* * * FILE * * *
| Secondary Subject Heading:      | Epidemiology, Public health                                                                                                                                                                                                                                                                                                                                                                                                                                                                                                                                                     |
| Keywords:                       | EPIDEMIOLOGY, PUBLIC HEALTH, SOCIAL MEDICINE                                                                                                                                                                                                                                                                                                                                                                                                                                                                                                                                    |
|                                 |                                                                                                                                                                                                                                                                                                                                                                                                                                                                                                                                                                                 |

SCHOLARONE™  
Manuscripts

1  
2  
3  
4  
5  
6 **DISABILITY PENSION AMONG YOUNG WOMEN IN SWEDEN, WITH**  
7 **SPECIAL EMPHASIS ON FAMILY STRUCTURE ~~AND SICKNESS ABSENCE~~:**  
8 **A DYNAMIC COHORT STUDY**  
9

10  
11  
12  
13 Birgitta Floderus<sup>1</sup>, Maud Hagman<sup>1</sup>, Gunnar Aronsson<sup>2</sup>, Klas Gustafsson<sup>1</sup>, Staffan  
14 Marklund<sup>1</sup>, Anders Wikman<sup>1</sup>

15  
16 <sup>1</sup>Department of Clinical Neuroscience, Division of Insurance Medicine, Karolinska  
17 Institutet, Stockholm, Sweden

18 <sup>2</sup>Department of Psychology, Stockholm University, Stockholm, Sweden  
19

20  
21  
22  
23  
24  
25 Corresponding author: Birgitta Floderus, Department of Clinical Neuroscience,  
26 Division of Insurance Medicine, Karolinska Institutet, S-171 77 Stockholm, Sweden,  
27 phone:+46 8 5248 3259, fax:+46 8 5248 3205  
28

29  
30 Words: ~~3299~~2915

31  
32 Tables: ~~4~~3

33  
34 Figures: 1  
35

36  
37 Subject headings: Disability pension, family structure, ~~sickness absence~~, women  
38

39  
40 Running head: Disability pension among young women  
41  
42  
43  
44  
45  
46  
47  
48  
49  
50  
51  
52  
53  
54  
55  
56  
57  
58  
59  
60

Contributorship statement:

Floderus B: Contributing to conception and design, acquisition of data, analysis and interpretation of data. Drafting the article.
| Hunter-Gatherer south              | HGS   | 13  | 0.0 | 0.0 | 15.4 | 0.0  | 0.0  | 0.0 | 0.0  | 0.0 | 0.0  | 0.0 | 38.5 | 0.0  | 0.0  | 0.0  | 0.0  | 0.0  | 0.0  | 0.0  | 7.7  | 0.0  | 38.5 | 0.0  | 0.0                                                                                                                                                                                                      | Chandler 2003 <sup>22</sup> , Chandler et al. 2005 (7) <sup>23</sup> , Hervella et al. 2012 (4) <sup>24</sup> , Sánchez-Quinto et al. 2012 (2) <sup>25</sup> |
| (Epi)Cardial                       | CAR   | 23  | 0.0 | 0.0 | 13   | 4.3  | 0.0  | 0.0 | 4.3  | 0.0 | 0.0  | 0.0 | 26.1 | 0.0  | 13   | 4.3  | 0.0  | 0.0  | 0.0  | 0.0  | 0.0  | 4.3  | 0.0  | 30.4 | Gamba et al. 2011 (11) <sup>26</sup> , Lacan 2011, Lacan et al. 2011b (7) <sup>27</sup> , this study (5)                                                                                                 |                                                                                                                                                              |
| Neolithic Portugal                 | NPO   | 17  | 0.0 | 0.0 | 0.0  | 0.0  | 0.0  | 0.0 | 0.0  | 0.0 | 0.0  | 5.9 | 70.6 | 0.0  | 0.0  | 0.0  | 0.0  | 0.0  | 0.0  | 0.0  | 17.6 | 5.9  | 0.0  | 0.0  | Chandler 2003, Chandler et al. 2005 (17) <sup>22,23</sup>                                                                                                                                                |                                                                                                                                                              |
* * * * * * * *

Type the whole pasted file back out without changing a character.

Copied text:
| Secondary Subject Heading:      | Epidemiology, Public health                                                                                                                                                                                                                                                                                                                                                                                                                                                                                                                                                     |
| Keywords:                       | EPIDEMIOLOGY, PUBLIC HEALTH, SOCIAL MEDICINE                                                                                                                                                                                                                                                                                                                                                                                                                                                                                                                                    |
|                                 |                                                                                                                                                                                                                                                                                                                                                                                                                                                                                                                                                                                 |

SCHOLARONE™  
Manuscripts

1  
2  
3  
4  
5  
6 **DISABILITY PENSION AMONG YOUNG WOMEN IN SWEDEN, WITH**  
7 **SPECIAL EMPHASIS ON FAMILY STRUCTURE ~~AND SICKNESS ABSENCE~~:**  
8 **A DYNAMIC COHORT STUDY**  
9

10  
11  
12  
13 Birgitta Floderus<sup>1</sup>, Maud Hagman<sup>1</sup>, Gunnar Aronsson<sup>2</sup>, Klas Gustafsson<sup>1</sup>, Staffan  
14 Marklund<sup>1</sup>, Anders Wikman<sup>1</sup>

15  
16 <sup>1</sup>Department of Clinical Neuroscience, Division of Insurance Medicine, Karolinska  
17 Institutet, Stockholm, Sweden

18 <sup>2</sup>Department of Psychology, Stockholm University, Stockholm, Sweden  
19

20  
21  
22  
23  
24  
25 Corresponding author: Birgitta Floderus, Department of Clinical Neuroscience,  
26 Division of Insurance Medicine, Karolinska Institutet, S-171 77 Stockholm, Sweden,  
27 phone:+46 8 5248 3259, fax:+46 8 5248 3205  
28

29  
30 Words: ~~3299~~2915

31  
32 Tables: ~~4~~3

33  
34 Figures: 1  
35

36  
37 Subject headings: Disability pension, family structure, ~~sickness absence~~, women  
38

39  
40 Running head: Disability pension among young women  
41  
42  
43  
44  
45  
46  
47  
48  
49  
50  
51  
52  
53  
54  
55  
56  
57  
58  
59  
60

Contributorship statement:

Floderus B: Contributing to conception and design, acquisition of data, analysis and interpretation of data. Drafting the article.
| Hunter-Gatherer south              | HGS   | 13  | 0.0 | 0.0 | 15.4 | 0.0  | 0.0  | 0.0 | 0.0  | 0.0 | 0.0  | 0.0 | 38.5 | 0.0  | 0.0  | 0.0  | 0.0  | 0.0  | 0.0  | 0.0  | 7.7  | 0.0  | 38.5 | 0.0  | 0.0                                                                                                                                                                                                      | Chandler 2003 <sup>22</sup> , Chandler et al. 2005 (7) <sup>23</sup> , Hervella et al. 2012 (4) <sup>24</sup> , Sánchez-Quinto et al. 2012 (2) <sup>25</sup> |
| (Epi)Cardial                       | CAR   | 23  | 0.0 | 0.0 | 13   | 4.3  | 0.0  | 0.0 | 4.3  | 0.0 | 0.0  | 0.0 | 26.1 | 0.0  | 13   | 4.3  | 0.0  | 0.0  | 0.0  | 0.0  | 0.0  | 4.3  | 0.0  | 30.4 | Gamba et al. 2011 (11) <sup>26</sup> , Lacan 2011, Lacan et al. 2011b (7) <sup>27</sup> , this study (5)                                                                                                 |                                                                                                                                                              |
| Neolithic Portugal                 | NPO   | 17  | 0.0 | 0.0 | 0.0  | 0.0  | 0.0  | 0.0 | 0.0  | 0.0 | 0.0  | 5.9 | 70.6 | 0.0  | 0.0  | 0.0  | 0.0  | 0.0  | 0.0  | 0.0  | 17.6 | 5.9  | 0.0  | 0.0  | Chandler 2003, Chandler et al. 2005 (17) <sup>22,23</sup>                                                                                                                                                |                                                                                                                                                              |